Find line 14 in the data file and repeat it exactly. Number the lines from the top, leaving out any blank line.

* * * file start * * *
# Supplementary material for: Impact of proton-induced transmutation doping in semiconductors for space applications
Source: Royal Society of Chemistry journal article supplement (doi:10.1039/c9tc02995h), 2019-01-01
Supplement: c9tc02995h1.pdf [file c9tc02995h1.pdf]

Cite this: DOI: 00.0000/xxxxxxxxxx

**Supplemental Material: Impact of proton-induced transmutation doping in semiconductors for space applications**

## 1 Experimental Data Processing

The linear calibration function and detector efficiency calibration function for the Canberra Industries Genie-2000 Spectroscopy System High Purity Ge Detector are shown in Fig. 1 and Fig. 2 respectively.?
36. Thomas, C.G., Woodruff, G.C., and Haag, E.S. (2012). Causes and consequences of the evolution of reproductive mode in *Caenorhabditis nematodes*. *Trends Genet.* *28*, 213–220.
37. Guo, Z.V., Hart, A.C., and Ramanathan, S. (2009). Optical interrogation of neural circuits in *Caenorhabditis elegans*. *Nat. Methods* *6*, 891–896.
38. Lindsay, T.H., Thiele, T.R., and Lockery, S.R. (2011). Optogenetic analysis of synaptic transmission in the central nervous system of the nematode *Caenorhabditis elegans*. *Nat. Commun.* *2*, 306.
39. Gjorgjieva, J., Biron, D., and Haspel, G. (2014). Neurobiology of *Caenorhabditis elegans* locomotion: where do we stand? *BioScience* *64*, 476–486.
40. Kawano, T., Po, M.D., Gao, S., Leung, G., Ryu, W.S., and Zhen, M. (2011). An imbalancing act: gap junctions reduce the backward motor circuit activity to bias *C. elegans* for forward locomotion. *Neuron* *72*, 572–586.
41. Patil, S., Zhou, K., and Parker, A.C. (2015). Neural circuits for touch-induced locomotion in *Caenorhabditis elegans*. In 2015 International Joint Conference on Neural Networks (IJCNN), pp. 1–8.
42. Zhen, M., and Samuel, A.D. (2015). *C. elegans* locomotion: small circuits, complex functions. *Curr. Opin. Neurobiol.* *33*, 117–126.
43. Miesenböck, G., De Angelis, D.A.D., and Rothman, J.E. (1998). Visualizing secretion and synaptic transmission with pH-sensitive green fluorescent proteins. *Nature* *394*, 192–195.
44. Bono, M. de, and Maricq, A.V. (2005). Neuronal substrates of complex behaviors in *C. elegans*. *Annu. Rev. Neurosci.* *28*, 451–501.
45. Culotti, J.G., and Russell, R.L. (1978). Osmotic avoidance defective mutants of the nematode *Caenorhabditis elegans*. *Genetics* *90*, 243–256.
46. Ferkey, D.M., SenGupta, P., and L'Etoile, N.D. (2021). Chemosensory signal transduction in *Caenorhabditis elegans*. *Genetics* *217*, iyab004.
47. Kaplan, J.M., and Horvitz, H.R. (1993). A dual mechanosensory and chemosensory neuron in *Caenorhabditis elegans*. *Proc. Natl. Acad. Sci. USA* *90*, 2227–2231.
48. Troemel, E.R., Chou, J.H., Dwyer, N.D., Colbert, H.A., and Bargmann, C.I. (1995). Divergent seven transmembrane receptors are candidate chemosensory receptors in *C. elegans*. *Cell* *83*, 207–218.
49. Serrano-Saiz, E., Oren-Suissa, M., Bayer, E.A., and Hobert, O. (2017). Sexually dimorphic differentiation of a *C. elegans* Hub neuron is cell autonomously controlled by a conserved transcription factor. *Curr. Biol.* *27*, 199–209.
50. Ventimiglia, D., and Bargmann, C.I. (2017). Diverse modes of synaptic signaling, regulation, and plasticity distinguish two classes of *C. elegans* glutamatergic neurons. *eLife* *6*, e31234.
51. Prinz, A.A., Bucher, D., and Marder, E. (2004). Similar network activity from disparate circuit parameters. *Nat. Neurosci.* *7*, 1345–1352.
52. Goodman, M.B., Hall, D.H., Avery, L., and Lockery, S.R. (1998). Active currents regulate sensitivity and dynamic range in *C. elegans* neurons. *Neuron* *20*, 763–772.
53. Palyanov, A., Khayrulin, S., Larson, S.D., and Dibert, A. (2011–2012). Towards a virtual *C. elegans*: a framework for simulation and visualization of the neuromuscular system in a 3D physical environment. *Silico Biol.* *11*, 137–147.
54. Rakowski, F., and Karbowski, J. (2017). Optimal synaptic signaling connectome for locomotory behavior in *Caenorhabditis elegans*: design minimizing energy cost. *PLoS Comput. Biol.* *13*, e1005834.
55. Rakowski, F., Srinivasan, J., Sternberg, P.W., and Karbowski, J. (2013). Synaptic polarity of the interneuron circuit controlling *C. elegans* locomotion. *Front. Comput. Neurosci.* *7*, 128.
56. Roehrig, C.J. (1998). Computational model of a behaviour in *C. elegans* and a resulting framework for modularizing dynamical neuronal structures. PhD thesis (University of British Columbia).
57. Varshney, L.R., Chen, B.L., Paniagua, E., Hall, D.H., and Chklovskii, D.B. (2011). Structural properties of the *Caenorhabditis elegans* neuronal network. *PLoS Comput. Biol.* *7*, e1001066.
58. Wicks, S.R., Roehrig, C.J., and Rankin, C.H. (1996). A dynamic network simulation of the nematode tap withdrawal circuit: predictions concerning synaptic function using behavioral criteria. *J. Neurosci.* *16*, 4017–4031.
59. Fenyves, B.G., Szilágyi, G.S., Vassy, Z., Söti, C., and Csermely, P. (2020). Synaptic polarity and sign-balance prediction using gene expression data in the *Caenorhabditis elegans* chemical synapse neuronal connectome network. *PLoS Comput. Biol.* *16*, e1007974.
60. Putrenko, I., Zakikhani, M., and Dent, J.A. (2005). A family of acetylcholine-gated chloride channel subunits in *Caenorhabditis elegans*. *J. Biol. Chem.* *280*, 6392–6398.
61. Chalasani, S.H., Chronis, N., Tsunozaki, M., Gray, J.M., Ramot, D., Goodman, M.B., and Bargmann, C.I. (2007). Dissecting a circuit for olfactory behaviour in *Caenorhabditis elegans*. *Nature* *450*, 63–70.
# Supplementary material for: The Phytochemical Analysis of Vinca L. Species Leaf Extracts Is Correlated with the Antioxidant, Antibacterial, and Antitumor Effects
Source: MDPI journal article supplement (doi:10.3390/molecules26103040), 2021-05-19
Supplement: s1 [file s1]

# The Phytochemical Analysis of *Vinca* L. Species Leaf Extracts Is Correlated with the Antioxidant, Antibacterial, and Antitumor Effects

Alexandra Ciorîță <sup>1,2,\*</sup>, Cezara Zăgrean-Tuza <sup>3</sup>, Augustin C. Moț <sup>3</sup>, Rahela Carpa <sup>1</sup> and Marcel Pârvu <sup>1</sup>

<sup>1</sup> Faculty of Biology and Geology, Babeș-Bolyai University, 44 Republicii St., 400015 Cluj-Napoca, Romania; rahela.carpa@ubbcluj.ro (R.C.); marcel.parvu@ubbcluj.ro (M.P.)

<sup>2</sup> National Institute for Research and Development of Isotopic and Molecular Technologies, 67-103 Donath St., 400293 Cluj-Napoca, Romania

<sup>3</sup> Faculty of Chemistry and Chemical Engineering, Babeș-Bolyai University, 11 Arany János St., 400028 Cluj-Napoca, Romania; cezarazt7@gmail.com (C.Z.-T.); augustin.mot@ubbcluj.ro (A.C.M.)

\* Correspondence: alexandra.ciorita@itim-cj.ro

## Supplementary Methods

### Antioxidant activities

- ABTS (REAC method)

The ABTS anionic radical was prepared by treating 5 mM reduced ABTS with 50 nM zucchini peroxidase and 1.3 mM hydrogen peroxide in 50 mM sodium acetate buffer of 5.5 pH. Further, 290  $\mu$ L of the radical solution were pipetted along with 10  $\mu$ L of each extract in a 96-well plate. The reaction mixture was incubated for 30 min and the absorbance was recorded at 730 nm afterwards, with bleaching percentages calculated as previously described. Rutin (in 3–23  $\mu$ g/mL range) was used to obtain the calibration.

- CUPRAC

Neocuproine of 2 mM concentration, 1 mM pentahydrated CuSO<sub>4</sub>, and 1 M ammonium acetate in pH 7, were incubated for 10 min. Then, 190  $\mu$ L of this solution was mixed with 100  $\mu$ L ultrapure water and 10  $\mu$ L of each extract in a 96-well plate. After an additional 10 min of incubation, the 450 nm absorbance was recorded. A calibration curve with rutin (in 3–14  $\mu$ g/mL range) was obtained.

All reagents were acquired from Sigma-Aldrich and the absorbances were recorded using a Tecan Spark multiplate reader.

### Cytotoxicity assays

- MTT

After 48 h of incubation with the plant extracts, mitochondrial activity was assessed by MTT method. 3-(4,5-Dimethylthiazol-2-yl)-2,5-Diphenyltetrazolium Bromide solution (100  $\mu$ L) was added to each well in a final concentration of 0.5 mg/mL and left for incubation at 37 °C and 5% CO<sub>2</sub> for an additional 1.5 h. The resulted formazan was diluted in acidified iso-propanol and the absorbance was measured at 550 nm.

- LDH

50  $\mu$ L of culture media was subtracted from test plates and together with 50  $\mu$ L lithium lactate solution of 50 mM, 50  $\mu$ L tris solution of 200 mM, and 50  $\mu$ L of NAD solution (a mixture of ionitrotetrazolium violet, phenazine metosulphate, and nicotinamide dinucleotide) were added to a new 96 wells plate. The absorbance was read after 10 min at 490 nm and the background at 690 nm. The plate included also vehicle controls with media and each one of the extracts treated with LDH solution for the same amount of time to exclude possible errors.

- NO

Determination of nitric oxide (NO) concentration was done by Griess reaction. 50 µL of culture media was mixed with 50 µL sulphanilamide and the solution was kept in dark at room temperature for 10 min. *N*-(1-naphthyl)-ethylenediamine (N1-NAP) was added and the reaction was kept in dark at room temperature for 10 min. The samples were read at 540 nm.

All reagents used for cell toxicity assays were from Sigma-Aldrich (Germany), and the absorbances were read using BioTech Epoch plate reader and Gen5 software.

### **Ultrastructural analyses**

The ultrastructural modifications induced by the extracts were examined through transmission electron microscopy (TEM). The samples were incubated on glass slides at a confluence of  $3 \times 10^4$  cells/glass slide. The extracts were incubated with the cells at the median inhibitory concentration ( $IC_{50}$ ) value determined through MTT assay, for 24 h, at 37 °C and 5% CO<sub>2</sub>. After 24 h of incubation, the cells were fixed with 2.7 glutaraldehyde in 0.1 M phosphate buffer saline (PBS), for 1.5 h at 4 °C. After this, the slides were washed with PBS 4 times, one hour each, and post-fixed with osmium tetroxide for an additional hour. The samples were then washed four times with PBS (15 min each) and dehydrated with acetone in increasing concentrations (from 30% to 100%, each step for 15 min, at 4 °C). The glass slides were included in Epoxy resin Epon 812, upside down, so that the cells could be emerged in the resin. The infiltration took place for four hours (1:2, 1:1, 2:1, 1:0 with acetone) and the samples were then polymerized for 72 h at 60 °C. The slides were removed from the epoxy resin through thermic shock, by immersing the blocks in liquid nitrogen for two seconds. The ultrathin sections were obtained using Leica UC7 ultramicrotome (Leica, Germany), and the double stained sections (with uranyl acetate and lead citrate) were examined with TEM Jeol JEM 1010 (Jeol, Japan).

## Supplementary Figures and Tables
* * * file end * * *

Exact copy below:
42. Zhen, M., and Samuel, A.D. (2015). *C. elegans* locomotion: small circuits, complex functions. *Curr. Opin. Neurobiol.* *33*, 117–126.